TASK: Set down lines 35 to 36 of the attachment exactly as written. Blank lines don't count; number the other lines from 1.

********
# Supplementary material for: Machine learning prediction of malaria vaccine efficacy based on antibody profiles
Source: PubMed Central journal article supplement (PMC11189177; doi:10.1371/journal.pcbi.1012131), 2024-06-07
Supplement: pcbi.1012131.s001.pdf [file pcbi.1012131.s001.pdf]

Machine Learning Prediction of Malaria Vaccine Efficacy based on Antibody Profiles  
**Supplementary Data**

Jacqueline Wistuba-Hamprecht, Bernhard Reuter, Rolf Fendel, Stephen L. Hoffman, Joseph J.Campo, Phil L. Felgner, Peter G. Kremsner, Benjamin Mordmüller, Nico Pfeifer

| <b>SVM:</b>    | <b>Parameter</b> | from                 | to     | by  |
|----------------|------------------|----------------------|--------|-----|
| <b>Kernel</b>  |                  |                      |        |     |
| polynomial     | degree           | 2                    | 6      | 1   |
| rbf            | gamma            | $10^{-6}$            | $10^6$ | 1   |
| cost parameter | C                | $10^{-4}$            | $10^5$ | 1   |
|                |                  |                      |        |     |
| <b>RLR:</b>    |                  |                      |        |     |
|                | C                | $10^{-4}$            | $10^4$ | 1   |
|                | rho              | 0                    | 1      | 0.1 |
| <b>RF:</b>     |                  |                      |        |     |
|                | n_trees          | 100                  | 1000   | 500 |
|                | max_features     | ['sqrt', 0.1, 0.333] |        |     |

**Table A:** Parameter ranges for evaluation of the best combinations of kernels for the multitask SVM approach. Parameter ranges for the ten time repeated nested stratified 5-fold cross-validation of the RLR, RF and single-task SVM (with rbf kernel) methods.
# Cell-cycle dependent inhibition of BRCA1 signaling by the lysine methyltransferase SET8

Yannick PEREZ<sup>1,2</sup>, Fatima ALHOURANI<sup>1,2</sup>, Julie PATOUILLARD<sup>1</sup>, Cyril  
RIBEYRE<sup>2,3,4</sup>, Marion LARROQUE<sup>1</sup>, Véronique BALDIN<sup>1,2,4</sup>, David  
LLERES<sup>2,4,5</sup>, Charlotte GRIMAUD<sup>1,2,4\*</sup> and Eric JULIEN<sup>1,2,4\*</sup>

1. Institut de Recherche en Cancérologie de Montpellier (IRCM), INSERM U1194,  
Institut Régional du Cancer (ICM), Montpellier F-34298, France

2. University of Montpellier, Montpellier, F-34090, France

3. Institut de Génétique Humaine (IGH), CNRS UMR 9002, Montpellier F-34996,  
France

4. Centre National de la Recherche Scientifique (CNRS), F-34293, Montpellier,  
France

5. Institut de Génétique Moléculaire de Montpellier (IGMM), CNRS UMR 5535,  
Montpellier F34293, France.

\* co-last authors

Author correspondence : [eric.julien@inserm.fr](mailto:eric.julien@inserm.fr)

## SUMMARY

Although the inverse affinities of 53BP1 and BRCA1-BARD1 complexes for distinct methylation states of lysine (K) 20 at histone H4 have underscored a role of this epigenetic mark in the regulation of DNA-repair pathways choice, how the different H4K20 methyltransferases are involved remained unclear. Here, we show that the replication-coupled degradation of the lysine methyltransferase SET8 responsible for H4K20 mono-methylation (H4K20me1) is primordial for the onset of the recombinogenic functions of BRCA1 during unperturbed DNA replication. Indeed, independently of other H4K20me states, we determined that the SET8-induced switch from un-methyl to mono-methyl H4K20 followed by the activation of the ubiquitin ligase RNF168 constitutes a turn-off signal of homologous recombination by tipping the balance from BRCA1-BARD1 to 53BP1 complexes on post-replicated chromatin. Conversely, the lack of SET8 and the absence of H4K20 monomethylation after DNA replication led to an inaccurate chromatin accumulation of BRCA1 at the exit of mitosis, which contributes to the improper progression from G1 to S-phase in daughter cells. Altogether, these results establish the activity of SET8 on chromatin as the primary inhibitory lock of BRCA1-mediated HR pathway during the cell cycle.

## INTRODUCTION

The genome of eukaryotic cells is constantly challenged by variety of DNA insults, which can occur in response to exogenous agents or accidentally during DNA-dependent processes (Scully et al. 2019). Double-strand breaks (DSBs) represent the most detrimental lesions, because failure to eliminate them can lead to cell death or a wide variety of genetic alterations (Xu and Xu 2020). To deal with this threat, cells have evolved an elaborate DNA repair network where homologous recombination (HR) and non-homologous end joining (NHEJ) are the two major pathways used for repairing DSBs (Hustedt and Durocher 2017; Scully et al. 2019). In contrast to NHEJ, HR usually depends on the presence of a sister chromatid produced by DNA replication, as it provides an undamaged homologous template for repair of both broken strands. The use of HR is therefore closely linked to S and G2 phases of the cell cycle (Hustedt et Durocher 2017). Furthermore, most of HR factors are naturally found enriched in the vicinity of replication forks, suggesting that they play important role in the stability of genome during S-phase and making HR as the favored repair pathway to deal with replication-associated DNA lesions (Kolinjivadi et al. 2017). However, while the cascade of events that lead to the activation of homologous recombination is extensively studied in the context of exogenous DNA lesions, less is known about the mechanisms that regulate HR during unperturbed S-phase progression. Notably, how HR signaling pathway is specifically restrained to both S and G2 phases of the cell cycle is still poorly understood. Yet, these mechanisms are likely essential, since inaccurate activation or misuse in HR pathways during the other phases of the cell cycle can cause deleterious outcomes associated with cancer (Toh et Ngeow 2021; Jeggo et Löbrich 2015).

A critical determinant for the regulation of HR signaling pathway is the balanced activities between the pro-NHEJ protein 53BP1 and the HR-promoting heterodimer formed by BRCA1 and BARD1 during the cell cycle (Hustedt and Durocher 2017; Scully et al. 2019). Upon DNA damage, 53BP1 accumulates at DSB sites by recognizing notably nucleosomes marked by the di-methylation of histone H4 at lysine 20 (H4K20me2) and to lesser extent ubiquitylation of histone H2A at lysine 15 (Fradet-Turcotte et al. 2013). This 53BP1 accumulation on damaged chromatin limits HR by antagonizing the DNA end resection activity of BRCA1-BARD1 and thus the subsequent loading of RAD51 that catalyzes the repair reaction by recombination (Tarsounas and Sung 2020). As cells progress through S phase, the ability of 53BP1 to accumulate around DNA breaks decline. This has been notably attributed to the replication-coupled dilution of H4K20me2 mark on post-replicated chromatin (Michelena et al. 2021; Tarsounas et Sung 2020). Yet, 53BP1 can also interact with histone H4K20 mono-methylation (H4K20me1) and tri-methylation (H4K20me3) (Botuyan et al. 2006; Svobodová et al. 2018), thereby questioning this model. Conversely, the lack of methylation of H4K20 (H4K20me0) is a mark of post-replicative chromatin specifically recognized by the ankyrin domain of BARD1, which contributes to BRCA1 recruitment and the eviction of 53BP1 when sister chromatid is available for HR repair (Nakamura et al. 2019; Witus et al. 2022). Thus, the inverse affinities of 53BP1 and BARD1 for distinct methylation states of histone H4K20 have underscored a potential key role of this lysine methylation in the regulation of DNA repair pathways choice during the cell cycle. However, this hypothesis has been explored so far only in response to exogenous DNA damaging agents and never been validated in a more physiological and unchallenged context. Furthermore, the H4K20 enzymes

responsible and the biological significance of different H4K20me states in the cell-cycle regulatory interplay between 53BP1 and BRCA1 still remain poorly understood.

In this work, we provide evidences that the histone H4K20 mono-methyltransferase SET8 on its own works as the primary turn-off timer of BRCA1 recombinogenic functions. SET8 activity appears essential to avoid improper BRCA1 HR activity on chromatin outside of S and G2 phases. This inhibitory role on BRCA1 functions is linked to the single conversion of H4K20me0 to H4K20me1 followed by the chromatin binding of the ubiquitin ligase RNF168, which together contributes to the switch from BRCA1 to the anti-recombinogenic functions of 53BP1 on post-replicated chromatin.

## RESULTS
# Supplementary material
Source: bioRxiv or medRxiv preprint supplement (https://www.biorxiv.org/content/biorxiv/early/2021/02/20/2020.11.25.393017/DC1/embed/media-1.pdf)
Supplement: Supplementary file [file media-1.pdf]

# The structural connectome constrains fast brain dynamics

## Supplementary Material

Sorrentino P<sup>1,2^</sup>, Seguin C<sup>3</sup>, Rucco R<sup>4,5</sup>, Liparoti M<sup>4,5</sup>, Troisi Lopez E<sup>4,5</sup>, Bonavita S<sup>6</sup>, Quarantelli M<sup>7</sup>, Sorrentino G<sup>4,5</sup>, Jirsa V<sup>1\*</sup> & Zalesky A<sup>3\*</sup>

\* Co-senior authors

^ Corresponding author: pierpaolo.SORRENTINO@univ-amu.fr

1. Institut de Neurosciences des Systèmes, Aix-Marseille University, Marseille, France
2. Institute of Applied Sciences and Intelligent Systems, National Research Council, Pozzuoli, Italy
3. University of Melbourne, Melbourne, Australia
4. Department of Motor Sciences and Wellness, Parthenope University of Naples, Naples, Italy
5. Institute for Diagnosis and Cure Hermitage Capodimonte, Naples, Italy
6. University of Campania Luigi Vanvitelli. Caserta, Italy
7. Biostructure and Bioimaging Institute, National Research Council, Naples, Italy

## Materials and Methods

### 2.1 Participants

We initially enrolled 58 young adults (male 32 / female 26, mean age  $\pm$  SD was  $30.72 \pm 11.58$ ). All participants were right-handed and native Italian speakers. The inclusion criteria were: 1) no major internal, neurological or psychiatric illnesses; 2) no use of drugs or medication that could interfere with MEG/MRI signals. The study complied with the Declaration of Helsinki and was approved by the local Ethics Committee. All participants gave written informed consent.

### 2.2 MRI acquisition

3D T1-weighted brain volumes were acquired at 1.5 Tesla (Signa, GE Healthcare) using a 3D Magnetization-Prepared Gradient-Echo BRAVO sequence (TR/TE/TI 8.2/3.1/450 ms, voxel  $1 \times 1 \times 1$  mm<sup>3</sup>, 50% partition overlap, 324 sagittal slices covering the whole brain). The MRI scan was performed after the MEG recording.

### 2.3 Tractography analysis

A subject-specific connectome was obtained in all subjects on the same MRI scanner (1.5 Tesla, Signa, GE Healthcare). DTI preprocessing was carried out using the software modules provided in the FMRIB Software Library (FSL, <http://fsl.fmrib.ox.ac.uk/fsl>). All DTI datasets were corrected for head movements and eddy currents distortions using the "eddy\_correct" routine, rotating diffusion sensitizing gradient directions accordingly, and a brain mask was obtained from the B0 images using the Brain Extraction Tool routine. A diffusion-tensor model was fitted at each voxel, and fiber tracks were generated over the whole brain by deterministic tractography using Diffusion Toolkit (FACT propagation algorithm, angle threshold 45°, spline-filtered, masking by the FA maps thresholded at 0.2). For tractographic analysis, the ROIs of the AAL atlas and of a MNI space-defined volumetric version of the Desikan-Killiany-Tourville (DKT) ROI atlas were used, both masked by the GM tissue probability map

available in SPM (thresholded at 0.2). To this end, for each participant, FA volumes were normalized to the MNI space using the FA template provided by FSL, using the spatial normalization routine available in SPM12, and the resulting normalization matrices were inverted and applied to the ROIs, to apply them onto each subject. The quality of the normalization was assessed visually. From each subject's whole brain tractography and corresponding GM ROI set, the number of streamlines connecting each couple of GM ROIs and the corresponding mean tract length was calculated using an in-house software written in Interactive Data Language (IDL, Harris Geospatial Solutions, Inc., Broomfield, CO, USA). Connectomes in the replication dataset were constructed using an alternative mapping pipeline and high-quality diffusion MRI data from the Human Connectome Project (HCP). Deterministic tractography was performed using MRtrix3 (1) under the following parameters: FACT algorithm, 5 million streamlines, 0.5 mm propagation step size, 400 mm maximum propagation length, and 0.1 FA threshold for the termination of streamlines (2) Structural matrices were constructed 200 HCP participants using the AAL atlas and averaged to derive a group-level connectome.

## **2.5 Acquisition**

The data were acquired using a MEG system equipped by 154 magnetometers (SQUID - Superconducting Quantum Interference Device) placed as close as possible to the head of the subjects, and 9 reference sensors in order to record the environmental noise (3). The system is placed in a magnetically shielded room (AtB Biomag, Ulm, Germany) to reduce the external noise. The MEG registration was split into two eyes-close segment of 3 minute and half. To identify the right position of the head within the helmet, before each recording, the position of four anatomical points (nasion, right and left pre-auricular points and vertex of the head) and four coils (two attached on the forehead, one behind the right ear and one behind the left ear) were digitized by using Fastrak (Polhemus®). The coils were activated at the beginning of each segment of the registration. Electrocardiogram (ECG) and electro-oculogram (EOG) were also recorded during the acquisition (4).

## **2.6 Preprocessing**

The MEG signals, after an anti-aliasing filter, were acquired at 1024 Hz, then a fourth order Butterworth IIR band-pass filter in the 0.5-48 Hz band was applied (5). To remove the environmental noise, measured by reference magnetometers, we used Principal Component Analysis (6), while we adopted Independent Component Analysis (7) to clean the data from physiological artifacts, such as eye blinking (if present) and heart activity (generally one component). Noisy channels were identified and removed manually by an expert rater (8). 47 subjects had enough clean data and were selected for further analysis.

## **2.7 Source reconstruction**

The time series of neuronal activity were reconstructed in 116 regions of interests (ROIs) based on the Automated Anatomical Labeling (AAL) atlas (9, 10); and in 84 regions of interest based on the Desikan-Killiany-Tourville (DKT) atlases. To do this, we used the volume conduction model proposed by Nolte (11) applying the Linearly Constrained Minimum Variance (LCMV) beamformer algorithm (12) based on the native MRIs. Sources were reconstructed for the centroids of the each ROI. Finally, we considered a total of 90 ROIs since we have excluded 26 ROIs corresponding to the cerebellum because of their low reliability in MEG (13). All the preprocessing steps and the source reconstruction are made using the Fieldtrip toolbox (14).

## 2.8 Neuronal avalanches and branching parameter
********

Author correspondence : [eric.julien@inserm.fr](mailto:eric.julien@inserm.fr)

## SUMMARY